31. Regional Sources of Growth Acceleration in India By Ravindra H. Dholakia

    Abstract: This paper empirically studies emigration patterns of skilled males and females. In the most relevant model accounting for interdependencies between women and menÕs decisions, we derive the gendered responses to traditional push factors. Females and males do not respond with the same intensity to the traditional determinants of labor mobility and gender-specific characteristics of the population at origin. Moreover, being other factors equal, the female willingness to follow the spouse seems to be much more pronounced with respect to the male one. From a quantitative perspective, our model reveals that skilled women are not more migratory than skilled men internationally, thus rejecting the existence of a genetic or social gender gap in international skilled migration.
    Date: 2009–08–17
  2. By: Davies, Simon; Hinks, Timothy
    Date: 2009
  3. By: Bragoli, D; Ganugi, P; Ianulardo, Giancarlo
    Abstract: The damage and the recurrence of financial crises have increased the concern of investors and policymakers on one hand and the interest of macroeconomists on the other. This paper presents an original non parametric methodology, whose aim is to give a very intuitive and rigorous method for variable selection in order to analyze financial crises. The transvariation analysis compares the distributions of two different groups of countries (sound and distressed) with respect to a single macroeconomic variable and selects the indicators on the basis of a low transvariation probability index. The current account deficit to GDP ratio, differently from other studies on financial crises, seems to be a suitable variable in discriminating distressed countries from sound ones, and the case of Argentina and Turkey confirms this finding.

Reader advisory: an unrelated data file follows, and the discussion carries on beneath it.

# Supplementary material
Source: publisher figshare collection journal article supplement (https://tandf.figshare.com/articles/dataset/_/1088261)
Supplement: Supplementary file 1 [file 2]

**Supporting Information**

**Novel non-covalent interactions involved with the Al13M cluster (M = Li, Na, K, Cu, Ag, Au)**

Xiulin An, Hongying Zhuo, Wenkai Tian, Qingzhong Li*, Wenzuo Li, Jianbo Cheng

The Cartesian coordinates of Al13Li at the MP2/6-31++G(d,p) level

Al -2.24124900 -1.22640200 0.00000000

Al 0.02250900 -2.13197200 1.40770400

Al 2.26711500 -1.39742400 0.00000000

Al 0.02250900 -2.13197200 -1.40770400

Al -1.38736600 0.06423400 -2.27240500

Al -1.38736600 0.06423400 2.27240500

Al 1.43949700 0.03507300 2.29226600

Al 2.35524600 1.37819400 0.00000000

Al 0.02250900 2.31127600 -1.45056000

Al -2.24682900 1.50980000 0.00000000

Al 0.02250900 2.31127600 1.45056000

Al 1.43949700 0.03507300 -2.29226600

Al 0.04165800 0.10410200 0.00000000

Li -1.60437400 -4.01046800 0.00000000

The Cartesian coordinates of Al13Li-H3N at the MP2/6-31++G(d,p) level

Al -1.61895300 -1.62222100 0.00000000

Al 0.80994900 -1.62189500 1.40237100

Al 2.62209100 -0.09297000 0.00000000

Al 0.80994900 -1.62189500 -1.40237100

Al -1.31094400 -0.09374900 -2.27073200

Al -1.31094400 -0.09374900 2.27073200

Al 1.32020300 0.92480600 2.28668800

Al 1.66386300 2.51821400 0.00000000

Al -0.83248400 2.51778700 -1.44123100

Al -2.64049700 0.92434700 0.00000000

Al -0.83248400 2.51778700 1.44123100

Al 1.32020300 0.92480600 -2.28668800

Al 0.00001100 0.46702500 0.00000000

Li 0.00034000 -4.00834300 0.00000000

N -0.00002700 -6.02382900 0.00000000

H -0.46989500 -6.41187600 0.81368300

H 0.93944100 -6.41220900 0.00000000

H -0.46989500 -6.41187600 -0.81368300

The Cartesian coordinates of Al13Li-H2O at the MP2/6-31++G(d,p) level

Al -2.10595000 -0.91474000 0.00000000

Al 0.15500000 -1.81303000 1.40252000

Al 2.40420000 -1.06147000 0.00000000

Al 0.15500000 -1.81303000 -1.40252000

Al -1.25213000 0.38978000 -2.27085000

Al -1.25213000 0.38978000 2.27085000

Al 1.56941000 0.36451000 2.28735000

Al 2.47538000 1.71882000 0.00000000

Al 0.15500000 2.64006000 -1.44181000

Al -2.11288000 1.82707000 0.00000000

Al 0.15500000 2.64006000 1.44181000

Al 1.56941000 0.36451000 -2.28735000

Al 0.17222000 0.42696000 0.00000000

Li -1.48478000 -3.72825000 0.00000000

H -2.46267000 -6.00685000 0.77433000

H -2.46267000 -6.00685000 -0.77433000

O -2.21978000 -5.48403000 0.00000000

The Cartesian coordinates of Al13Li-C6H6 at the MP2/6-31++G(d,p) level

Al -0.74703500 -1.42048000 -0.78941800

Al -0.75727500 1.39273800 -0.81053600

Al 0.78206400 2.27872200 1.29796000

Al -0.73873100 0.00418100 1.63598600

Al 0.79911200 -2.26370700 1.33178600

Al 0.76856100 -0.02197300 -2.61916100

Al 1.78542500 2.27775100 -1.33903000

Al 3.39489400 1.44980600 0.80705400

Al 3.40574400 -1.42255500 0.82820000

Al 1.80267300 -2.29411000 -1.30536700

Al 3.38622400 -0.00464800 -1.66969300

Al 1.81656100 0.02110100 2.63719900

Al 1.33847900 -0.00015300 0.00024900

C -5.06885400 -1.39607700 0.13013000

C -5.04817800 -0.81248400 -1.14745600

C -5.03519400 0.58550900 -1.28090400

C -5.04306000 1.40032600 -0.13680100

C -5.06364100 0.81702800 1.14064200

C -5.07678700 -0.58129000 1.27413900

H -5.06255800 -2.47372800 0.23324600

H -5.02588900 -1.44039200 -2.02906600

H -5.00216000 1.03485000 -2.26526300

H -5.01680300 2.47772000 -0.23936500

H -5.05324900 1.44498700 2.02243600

Date: 2009
  4. By: Abdullah, Sabah; Mariel, P
    Abstract: Modern forms of energy are an important vehicle towards poverty alleviation in rural areas of developing countries. Most developing countries’ households heavily rely on wood fuel which impact their health and social–economic status. To ease such a dependency, other modern forms of energy, namely electricity, need to be provided. However, the quality of the electricity service, namely reliability, is an important factor in reducing this dependency. This paper discusses a choice experiment valuation study conducted among electrified rural households located in Kisumu, Kenya, in which the willingness to pay (WTP) to avoid power outages or blackouts was estimated. A mixed logit estimation was applied to identify the various socio-economic and demographic characteristics which determine preferences to reduce power outages among a household’s users. In conclusion, several of the socio-economic and demographic characteristics outlined in this paper were identified and can assist service differentiation to accommodate the diverse households’ preferences towards the improvement of the electricity service.
    Keywords: developing country; rural; power outages; willingness to pay; random parameter logit
    Date: 2009
  5. By: Hinks, Timothy
    Abstract: This paper is the first to estimate job satisfaction equations in post-Apartheid South Africa. Earnings and relative earnings are both found to contribute to greater job satisfaction. Racial group is also an important predictor of job satisfaction but when interacted with a proxy for affirmative action legislation it is found that black job satisfaction is positively correlated with this legislation whereas coloured and to a lesser extent white job satisfaction is diminished.